Analyzing these three events altogether in the phased continuum that they occurred, it can be argued that the UAE is trying to destabilize Somalia as revenge for Mogadishu’s refusal to cut ties with Qatar and its agreement with Ankara to allow a Turkish military base in the country. Turkey is allied with Qatar, in which it also has a military base, and this has thus made it the UAE’s rival in the context of the ongoing Gulf Cold War that has already spread to the Horn of Africa region via two disputes that center on Ethiopia and Djibouti. The landlocked giant is at odds with Egypt over the Grand Ethiopian Renaissance Dam that it’s constructing on the Blue Nile River and which Cairo claims will make the Arab state forever dependent on the upstream one in the future, while the tiny coastal country just kicked the UAE out and retook control of the largest port in the country. The regional dynamics are such that they could easily spill over into a regional war, thus making the contemporary Horn of Africa eerily similar in a structural sense to the pre-World War I Balkans.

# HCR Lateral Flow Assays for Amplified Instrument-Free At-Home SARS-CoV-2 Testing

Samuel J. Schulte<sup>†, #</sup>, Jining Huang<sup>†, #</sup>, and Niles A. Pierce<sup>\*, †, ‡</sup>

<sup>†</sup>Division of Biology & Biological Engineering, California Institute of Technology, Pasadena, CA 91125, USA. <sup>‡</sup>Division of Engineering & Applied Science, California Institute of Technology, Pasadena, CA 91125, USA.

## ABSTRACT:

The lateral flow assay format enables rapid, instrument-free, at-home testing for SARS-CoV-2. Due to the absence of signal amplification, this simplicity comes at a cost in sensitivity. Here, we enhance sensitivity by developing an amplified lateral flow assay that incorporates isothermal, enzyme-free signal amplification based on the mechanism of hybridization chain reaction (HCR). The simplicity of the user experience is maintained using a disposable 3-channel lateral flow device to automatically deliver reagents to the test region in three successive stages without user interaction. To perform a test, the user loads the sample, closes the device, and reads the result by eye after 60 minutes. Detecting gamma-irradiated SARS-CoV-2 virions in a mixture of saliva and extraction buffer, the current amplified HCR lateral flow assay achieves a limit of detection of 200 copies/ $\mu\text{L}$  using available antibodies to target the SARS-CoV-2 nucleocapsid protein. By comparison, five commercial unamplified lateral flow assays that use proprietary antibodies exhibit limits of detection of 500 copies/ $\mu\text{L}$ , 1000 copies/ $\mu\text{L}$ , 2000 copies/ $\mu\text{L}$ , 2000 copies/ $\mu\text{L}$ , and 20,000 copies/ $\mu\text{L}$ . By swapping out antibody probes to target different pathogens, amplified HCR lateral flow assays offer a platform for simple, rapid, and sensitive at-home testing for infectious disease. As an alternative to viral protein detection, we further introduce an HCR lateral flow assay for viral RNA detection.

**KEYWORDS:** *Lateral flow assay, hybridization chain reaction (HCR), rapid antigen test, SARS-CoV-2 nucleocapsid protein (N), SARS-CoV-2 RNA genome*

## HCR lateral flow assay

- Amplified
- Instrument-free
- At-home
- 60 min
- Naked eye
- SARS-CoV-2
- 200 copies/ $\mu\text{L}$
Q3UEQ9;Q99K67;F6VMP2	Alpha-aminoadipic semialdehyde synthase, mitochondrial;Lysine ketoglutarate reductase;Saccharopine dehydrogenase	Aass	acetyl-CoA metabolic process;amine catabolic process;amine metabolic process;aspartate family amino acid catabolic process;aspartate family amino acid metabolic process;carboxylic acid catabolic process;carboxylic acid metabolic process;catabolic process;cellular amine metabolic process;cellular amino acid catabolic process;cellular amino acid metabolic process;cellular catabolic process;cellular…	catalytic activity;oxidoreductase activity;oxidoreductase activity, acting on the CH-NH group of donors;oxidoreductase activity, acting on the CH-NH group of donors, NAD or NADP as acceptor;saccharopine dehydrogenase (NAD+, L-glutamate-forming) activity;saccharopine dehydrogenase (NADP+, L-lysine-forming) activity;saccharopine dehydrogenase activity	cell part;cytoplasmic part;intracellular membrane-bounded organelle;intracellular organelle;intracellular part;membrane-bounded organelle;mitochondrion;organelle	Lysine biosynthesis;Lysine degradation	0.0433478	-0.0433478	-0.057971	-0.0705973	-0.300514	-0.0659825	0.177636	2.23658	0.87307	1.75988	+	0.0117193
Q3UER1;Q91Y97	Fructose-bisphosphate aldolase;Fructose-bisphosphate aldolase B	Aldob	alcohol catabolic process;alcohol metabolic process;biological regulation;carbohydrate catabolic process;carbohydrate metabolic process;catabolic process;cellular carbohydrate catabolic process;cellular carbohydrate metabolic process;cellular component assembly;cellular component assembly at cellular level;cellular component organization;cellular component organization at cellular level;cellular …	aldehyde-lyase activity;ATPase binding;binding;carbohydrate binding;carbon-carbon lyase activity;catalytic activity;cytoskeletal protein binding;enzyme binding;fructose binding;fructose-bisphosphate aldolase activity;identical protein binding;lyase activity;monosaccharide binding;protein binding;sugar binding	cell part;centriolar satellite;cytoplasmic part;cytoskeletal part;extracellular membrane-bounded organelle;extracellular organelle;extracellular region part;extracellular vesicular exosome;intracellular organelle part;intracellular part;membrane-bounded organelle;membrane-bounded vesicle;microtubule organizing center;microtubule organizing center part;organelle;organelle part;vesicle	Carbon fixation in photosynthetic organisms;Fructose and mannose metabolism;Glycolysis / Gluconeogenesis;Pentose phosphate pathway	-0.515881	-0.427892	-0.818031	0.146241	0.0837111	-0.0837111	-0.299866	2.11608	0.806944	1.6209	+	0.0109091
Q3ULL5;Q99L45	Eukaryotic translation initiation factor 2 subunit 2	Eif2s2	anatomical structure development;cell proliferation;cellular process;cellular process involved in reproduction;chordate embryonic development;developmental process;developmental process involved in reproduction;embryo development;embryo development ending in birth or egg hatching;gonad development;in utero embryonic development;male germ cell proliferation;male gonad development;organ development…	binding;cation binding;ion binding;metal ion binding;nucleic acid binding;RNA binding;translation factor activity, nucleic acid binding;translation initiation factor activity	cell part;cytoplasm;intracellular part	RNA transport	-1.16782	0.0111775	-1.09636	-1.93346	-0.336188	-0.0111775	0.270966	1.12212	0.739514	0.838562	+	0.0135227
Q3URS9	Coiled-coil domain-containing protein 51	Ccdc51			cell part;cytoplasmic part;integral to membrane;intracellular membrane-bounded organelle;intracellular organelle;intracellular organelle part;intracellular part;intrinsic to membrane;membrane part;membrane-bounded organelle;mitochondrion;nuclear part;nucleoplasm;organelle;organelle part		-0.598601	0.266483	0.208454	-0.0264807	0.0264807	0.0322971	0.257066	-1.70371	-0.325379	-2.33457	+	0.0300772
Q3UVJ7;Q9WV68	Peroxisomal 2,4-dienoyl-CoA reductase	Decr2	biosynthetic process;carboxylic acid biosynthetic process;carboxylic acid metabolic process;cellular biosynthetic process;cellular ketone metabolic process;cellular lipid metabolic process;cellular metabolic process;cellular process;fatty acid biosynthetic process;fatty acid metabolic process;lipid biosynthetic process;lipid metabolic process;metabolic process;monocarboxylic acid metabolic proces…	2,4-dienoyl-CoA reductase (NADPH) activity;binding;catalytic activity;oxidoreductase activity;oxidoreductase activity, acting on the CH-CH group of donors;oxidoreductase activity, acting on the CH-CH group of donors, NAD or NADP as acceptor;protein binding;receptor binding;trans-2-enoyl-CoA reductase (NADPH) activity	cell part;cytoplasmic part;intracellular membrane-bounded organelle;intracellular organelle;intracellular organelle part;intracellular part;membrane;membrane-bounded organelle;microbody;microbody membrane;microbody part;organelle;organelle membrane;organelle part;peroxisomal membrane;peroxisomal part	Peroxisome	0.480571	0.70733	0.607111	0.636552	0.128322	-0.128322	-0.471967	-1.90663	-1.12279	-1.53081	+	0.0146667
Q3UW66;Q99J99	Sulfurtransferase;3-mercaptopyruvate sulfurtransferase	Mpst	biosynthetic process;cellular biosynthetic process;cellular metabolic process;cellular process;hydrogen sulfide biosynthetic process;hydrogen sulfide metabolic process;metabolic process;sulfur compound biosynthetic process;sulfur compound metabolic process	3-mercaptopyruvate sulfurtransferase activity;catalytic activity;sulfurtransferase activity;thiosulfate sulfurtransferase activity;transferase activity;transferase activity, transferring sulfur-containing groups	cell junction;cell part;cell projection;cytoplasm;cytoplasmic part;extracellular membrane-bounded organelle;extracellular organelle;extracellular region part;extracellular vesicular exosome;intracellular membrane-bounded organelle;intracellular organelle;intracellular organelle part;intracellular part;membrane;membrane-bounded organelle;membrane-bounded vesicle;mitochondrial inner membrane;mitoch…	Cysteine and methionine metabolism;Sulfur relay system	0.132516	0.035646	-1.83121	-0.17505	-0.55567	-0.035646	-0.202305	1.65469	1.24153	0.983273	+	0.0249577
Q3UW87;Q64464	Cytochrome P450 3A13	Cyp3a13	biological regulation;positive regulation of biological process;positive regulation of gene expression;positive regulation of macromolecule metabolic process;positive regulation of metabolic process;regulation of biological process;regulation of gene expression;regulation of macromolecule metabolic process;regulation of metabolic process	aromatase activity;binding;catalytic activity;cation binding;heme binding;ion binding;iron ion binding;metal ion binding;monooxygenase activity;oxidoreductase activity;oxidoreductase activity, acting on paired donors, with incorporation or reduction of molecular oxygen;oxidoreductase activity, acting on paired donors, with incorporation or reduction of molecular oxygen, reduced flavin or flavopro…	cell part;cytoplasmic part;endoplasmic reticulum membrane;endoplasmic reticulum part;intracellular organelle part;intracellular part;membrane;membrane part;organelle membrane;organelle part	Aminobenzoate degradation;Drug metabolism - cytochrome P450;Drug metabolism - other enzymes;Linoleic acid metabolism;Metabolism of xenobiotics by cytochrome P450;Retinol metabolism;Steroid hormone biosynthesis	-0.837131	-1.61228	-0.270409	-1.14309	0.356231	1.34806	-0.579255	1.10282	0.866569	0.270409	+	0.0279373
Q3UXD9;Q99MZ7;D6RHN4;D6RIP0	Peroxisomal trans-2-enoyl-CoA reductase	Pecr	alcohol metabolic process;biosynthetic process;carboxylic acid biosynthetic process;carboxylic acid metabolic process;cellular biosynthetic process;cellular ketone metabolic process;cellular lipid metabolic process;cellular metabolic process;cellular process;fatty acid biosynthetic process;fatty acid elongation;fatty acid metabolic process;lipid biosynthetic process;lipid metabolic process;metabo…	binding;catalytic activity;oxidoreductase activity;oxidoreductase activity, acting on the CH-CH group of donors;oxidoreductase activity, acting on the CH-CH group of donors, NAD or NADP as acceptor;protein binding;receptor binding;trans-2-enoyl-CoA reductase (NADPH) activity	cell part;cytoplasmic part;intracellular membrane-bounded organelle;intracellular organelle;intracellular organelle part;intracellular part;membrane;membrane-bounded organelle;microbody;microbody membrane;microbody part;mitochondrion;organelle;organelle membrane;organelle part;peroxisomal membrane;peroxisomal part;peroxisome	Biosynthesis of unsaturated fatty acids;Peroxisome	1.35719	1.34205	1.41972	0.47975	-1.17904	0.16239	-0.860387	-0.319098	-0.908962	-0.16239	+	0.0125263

Standing Up To “Little Sparta”
Somalia has thus far avoided being dragged in to the Gulf Cold War and probably thought that its “neutrality” in this dispute would prevent it from being destabilized as a proxy battleground between extra-regional powers, but it now looks like the UAE is making asymmetrically aggressive moves against the country in a bid to expand its newfound Gulf of Aden sphere of influence all throughout the region by removing any forces that stand in its way. To this end, Abu Dhabi sees President “Farmajo” as an obstacle because of his proud refusal to bow down before the Emirates by cutting off ties with Qatar and his agreement with UAE rival Turkey to build a military base along the Indian Ocean coast. This was an unacceptable display of sovereignty that the “Little Sparta” wannabe hegemon just couldn’t tolerate.